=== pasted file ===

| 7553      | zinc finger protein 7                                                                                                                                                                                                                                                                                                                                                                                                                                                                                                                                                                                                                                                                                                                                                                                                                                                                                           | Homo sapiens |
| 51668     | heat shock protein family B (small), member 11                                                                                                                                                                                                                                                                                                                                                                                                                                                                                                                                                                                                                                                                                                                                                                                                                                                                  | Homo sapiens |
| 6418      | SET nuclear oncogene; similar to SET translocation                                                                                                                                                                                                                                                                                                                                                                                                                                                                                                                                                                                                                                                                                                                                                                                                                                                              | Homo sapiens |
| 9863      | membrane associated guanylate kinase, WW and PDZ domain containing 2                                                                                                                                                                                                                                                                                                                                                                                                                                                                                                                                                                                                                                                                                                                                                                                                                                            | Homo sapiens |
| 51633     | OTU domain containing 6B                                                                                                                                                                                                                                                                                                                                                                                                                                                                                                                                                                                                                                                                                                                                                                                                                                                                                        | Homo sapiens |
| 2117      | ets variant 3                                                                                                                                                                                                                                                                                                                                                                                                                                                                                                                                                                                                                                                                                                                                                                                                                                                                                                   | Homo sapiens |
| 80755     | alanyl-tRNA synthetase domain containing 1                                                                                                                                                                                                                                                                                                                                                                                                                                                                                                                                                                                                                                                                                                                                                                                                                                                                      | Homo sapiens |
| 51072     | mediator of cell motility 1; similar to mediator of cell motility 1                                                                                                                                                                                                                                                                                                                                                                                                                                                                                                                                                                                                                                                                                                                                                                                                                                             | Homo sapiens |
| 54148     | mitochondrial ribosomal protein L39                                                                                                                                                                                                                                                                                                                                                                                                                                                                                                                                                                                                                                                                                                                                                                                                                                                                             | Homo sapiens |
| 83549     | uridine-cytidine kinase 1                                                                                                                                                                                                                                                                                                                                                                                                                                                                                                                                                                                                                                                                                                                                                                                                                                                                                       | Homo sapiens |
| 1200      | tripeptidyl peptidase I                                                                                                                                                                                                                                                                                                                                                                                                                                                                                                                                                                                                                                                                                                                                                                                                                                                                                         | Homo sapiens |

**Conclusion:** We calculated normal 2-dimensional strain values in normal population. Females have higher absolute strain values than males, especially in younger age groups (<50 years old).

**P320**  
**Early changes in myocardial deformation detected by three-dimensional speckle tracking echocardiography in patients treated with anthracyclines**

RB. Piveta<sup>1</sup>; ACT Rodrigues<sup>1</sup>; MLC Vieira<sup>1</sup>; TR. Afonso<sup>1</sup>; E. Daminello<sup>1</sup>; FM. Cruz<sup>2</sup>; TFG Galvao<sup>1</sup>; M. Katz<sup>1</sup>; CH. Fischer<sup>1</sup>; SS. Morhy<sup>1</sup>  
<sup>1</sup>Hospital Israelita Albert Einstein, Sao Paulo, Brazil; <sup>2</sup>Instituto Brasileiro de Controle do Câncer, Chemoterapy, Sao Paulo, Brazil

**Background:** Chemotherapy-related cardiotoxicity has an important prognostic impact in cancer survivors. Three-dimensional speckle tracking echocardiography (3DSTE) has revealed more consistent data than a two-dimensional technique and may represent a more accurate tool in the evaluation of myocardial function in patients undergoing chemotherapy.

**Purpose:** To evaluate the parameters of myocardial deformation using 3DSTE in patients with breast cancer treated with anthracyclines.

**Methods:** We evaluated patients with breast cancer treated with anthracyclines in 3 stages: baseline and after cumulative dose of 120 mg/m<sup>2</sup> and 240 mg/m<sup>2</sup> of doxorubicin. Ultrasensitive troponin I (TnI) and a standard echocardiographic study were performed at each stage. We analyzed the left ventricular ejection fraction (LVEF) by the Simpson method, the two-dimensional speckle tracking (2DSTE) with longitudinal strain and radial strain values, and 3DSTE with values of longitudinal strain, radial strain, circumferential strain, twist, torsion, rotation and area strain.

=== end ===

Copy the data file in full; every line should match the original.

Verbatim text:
| 7553      | zinc finger protein 7                                                                                                                                                                                                                                                                                                                                                                                                                                                                                                                                                                                                                                                                                                                                                                                                                                                                                           | Homo sapiens |
| 51668     | heat shock protein family B (small), member 11                                                                                                                                                                                                                                                                                                                                                                                                                                                                                                                                                                                                                                                                                                                                                                                                                                                                  | Homo sapiens |
| 6418      | SET nuclear oncogene; similar to SET translocation                                                                                                                                                                                                                                                                                                                                                                                                                                                                                                                                                                                                                                                                                                                                                                                                                                                              | Homo sapiens |
| 9863      | membrane associated guanylate kinase, WW and PDZ domain containing 2                                                                                                                                                                                                                                                                                                                                                                                                                                                                                                                                                                                                                                                                                                                                                                                                                                            | Homo sapiens |
| 51633     | OTU domain containing 6B                                                                                                                                                                                                                                                                                                                                                                                                                                                                                                                                                                                                                                                                                                                                                                                                                                                                                        | Homo sapiens |
| 2117      | ets variant 3                                                                                                                                                                                                                                                                                                                                                                                                                                                                                                                                                                                                                                                                                                                                                                                                                                                                                                   | Homo sapiens |
| 80755     | alanyl-tRNA synthetase domain containing 1                                                                                                                                                                                                                                                                                                                                                                                                                                                                                                                                                                                                                                                                                                                                                                                                                                                                      | Homo sapiens |
| 51072     | mediator of cell motility 1; similar to mediator of cell motility 1                                                                                                                                                                                                                                                                                                                                                                                                                                                                                                                                                                                                                                                                                                                                                                                                                                             | Homo sapiens |
| 54148     | mitochondrial ribosomal protein L39                                                                                                                                                                                                                                                                                                                                                                                                                                                                                                                                                                                                                                                                                                                                                                                                                                                                             | Homo sapiens |
| 83549     | uridine-cytidine kinase 1                                                                                                                                                                                                                                                                                                                                                                                                                                                                                                                                                                                                                                                                                                                                                                                                                                                                                       | Homo sapiens |
| 1200      | tripeptidyl peptidase I                                                                                                                                                                                                                                                                                                                                                                                                                                                                                                                                                                                                                                                                                                                                                                                                                                                                                         | Homo sapiens |

**Conclusion:** We calculated normal 2-dimensional strain values in normal population. Females have higher absolute strain values than males, especially in younger age groups (<50 years old).

**P320**  
**Early changes in myocardial deformation detected by three-dimensional speckle tracking echocardiography in patients treated with anthracyclines**

RB. Piveta<sup>1</sup>; ACT Rodrigues<sup>1</sup>; MLC Vieira<sup>1</sup>; TR. Afonso<sup>1</sup>; E. Daminello<sup>1</sup>; FM. Cruz<sup>2</sup>; TFG Galvao<sup>1</sup>; M. Katz<sup>1</sup>; CH. Fischer<sup>1</sup>; SS. Morhy<sup>1</sup>  
<sup>1</sup>Hospital Israelita Albert Einstein, Sao Paulo, Brazil; <sup>2</sup>Instituto Brasileiro de Controle do Câncer, Chemoterapy, Sao Paulo, Brazil

**Background:** Chemotherapy-related cardiotoxicity has an important prognostic impact in cancer survivors. Three-dimensional speckle tracking echocardiography (3DSTE) has revealed more consistent data than a two-dimensional technique and may represent a more accurate tool in the evaluation of myocardial function in patients undergoing chemotherapy.

**Purpose:** To evaluate the parameters of myocardial deformation using 3DSTE in patients with breast cancer treated with anthracyclines.

**Methods:** We evaluated patients with breast cancer treated with anthracyclines in 3 stages: baseline and after cumulative dose of 120 mg/m<sup>2</sup> and 240 mg/m<sup>2</sup> of doxorubicin. Ultrasensitive troponin I (TnI) and a standard echocardiographic study were performed at each stage. We analyzed the left ventricular ejection fraction (LVEF) by the Simpson method, the two-dimensional speckle tracking (2DSTE) with longitudinal strain and radial strain values, and 3DSTE with values of longitudinal strain, radial strain, circumferential strain, twist, torsion, rotation and area strain.